Updated on Wednesday, October 13, 2021
Many people dream of the day when they can finally sit back and relax in retirement â€” and a lot of people want that day to come as soon as possible. If youâ€™d like to plan for early retirement, there are several strategies to help get you there.
You need to first determine how much money youâ€™ll need when you retire and set a target date for retirement, then youâ€™ll have to get to work on saving and investing your money: maxing out retirement savings accounts, living on a leaner budget, and investing your nest egg. With years of diligent saving, you can expedite your retirement and exit the workforce sooner.
The first step toward that goal of early retirement is determining how much money youâ€™ll need on an annual basis when youâ€™re done working. You will still have many of the same costs as you did before retirement â€” including rent or mortgage payments, utilities, and transportation.
You also might incur additional costs as you get older: for example, many seniors wind up needing costly long-term care. While itâ€™s difficult to forecast some of those expenses, you should factor in the possibility of those types of long-term costs when making your retirement budget.
Of course, social security, pension payments, and retirement savings can help seniors bear the cost of living expenses once theyâ€™re out of the workforce. If you have a good idea of how much youâ€™ll be receiving from that type of income, you can incorporate it into your retirement budget forecast.
If you plan on retiring early, you need to consider how youâ€™ll pay for health insurance at the beginning of your retirement. Exiting the workforce usually means losing employer-sponsored health insurance coverage, and Medicare isnâ€™t available to those people under the age of 65.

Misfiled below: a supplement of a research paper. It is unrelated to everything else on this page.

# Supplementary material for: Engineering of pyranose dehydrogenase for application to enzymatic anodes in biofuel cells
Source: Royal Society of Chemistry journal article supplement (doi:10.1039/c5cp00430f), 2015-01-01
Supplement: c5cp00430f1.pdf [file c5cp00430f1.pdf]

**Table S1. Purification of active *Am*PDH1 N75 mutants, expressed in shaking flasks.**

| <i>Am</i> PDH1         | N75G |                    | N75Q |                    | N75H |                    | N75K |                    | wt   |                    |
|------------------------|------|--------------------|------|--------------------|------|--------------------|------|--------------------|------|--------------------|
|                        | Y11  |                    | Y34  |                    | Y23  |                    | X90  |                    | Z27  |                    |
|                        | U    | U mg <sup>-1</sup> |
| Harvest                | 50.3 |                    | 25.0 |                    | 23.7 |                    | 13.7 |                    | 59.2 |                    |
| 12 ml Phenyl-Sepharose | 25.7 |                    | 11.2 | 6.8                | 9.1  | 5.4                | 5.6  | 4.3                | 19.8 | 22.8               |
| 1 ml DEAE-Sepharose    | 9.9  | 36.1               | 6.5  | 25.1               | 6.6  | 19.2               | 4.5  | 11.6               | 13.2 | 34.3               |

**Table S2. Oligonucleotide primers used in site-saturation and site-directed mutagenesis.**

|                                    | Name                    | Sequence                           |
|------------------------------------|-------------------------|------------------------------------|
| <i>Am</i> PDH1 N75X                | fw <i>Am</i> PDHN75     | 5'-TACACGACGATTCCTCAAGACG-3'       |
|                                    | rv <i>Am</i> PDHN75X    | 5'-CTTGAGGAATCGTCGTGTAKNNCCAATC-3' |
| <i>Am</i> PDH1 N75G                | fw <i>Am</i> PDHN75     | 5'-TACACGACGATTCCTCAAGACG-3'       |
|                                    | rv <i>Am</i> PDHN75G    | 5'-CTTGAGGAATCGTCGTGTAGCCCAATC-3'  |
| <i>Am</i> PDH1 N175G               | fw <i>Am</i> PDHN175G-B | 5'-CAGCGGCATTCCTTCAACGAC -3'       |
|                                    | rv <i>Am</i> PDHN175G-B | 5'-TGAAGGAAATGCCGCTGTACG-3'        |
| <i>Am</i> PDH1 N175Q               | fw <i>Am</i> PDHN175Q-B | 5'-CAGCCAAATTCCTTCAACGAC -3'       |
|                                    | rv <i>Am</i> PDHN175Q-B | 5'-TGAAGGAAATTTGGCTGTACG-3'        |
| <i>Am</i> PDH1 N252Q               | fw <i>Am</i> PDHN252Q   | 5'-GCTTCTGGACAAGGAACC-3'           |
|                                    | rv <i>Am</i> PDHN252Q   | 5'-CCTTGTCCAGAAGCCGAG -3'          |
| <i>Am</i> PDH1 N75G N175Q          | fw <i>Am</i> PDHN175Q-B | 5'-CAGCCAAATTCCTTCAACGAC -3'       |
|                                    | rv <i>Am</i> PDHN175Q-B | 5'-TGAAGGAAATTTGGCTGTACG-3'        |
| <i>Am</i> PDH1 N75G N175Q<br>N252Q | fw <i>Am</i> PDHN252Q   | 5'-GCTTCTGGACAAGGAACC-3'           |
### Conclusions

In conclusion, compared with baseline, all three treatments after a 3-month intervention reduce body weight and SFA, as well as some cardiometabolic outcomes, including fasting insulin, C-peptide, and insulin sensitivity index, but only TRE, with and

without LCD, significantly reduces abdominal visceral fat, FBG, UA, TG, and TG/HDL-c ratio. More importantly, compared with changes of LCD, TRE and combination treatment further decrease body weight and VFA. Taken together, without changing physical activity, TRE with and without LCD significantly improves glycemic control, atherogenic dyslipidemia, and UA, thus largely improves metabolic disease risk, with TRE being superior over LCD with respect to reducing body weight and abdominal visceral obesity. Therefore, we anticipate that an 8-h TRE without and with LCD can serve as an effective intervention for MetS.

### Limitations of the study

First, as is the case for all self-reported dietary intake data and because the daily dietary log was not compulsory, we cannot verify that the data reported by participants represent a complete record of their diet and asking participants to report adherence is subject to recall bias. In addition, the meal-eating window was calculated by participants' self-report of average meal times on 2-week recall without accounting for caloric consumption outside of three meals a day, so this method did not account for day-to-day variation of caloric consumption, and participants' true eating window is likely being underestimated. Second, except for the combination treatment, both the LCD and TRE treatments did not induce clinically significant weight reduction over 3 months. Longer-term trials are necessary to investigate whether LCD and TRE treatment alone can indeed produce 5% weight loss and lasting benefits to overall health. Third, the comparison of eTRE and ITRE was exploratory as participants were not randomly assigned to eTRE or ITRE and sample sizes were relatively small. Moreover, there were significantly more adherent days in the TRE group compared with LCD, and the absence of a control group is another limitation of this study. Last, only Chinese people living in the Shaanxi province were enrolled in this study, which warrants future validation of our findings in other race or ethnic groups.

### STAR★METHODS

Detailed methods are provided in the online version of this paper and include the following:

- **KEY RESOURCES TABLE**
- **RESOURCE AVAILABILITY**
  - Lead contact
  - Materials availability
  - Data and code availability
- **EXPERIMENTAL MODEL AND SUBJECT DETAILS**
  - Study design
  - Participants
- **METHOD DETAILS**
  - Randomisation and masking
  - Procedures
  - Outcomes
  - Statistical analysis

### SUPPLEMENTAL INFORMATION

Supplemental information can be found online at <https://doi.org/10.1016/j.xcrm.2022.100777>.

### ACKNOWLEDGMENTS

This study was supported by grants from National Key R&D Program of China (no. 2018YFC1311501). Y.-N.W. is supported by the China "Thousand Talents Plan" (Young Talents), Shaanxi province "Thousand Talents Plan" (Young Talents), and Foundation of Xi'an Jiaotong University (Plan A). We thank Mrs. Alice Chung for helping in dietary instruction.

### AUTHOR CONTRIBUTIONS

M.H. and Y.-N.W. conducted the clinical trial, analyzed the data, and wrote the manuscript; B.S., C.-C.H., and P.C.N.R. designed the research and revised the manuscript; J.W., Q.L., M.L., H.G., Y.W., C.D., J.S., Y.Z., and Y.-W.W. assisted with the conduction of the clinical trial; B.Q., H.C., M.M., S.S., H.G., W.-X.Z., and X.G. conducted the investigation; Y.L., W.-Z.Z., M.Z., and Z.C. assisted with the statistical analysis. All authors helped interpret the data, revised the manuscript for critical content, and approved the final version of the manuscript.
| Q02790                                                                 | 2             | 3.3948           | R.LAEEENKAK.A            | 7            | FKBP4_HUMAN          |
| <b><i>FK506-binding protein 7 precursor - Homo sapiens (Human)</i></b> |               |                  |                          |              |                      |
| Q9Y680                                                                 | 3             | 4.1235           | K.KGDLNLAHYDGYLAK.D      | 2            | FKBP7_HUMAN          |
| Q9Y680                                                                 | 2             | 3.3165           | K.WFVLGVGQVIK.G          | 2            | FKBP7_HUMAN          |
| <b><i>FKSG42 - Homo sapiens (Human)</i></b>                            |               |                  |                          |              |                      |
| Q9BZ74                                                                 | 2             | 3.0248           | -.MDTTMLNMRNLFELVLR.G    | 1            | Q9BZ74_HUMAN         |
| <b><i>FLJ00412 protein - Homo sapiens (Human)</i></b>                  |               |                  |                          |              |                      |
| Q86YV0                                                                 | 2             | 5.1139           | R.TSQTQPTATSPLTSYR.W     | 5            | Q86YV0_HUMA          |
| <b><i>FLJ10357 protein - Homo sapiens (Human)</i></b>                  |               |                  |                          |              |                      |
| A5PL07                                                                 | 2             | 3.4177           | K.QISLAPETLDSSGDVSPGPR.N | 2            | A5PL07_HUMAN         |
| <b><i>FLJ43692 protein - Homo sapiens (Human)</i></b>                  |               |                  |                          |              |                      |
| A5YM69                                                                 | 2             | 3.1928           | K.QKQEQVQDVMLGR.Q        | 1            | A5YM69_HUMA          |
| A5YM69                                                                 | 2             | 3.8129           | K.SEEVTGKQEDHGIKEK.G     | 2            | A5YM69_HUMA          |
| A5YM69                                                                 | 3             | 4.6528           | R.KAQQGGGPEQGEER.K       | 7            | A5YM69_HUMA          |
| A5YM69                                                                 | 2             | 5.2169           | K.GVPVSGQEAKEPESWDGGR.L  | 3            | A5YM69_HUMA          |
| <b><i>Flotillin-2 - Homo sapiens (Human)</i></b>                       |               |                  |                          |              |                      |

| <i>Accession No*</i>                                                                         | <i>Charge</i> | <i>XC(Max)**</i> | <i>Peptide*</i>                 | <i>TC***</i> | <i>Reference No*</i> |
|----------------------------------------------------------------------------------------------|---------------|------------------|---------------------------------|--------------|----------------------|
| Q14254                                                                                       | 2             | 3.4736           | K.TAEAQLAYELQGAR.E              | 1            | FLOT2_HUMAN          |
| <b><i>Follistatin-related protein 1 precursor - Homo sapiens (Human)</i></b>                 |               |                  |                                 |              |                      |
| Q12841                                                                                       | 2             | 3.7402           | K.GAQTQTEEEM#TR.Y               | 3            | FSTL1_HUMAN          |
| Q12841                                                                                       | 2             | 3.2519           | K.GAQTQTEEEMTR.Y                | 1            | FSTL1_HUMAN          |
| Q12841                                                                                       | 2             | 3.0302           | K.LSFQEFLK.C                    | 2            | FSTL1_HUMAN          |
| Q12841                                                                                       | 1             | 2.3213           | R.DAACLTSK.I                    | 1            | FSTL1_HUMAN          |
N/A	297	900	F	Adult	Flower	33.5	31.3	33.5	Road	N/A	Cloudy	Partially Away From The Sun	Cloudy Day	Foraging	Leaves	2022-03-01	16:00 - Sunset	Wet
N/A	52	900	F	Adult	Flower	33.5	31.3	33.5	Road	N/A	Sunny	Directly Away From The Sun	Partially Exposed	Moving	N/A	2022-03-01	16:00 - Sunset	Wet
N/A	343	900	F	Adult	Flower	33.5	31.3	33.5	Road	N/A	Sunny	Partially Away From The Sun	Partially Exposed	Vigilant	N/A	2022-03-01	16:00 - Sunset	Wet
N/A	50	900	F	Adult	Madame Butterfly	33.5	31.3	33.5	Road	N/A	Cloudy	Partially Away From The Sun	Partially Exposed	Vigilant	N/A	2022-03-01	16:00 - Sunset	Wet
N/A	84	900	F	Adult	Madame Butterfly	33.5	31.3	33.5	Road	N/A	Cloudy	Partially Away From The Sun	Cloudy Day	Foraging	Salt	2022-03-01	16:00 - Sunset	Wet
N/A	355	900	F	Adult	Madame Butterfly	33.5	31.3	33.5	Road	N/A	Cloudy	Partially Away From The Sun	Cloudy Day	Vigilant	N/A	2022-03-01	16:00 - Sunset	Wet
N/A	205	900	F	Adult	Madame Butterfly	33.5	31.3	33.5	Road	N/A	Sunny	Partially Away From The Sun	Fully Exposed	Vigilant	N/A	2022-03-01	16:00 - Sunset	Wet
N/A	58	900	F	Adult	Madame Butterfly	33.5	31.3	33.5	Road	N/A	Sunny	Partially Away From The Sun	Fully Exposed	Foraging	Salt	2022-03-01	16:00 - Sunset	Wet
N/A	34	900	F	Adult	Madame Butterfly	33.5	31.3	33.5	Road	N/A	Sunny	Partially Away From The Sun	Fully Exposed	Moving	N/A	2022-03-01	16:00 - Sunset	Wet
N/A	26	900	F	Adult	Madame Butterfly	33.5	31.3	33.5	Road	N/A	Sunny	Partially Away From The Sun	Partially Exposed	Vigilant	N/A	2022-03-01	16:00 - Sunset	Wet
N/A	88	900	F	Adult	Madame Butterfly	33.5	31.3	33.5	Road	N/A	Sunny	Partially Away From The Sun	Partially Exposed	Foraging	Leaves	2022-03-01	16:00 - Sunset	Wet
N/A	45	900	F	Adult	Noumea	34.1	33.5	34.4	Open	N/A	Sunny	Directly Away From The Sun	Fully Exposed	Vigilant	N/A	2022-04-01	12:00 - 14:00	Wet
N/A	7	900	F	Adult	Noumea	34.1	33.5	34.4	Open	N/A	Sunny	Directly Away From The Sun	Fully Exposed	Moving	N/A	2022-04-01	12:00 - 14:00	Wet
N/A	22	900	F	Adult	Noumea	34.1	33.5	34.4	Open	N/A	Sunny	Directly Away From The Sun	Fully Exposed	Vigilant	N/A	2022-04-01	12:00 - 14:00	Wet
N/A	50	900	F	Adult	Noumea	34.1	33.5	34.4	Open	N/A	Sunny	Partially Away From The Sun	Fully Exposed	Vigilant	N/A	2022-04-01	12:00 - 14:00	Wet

The Affordable Care Act, popularly known as Obamacare, is an option for bridging the health insurance gap between your retirement and when you become eligible for Medicare. However, health insurance premiums and deductibles can be much higher than they were on an employer-sponsored plan.
Once you have an estimate of what your annual expenses in retirement will be, you should set a goal for how much money you will need to save. There are several common ways to set a target savings goal for retirement:
Suppose you estimate that youâ€™ll need $75,000 per year for retirement. According to the 25x rule and 4% rule, youâ€™ll need $1.875 million in savings. Itâ€™s a rough approximation for how much money youâ€™ll need, but itâ€™s a way to target a specific number as you decide on your strategy for early retirement.
After coming up with a target savings goal, the next step toward early retirement is deciding when you plan to retire. Of course, that date doesnâ€™t necessarily have to be a commitment; if you fall short of your savings goals, you may want to postpone retirement. But having a set date for when you intend to retire can help motivate you to reach those goals.
Just like your annual retirement expense estimates, you should estimate how much money youâ€™ll be able to save for retirement per year and what kind of rate of return you expect to earn on those savings. People generally pursue aggressive savings strategies when planning for early retirement â€” living a leaner lifestyle before retirement can expedite that retirement date.
MagnifyMoney has a retirement calculator that can help you set your goal too. Once youâ€™ve calculated what it will take to retire early, youâ€™ll have to determine how youâ€™ll save enough to do it.
A consistent savings strategy is the most important element to achieving that goal of retiring early. There are a few popular strategies when it comes to saving as pragmatically as possible with the goal of early retirement in mind.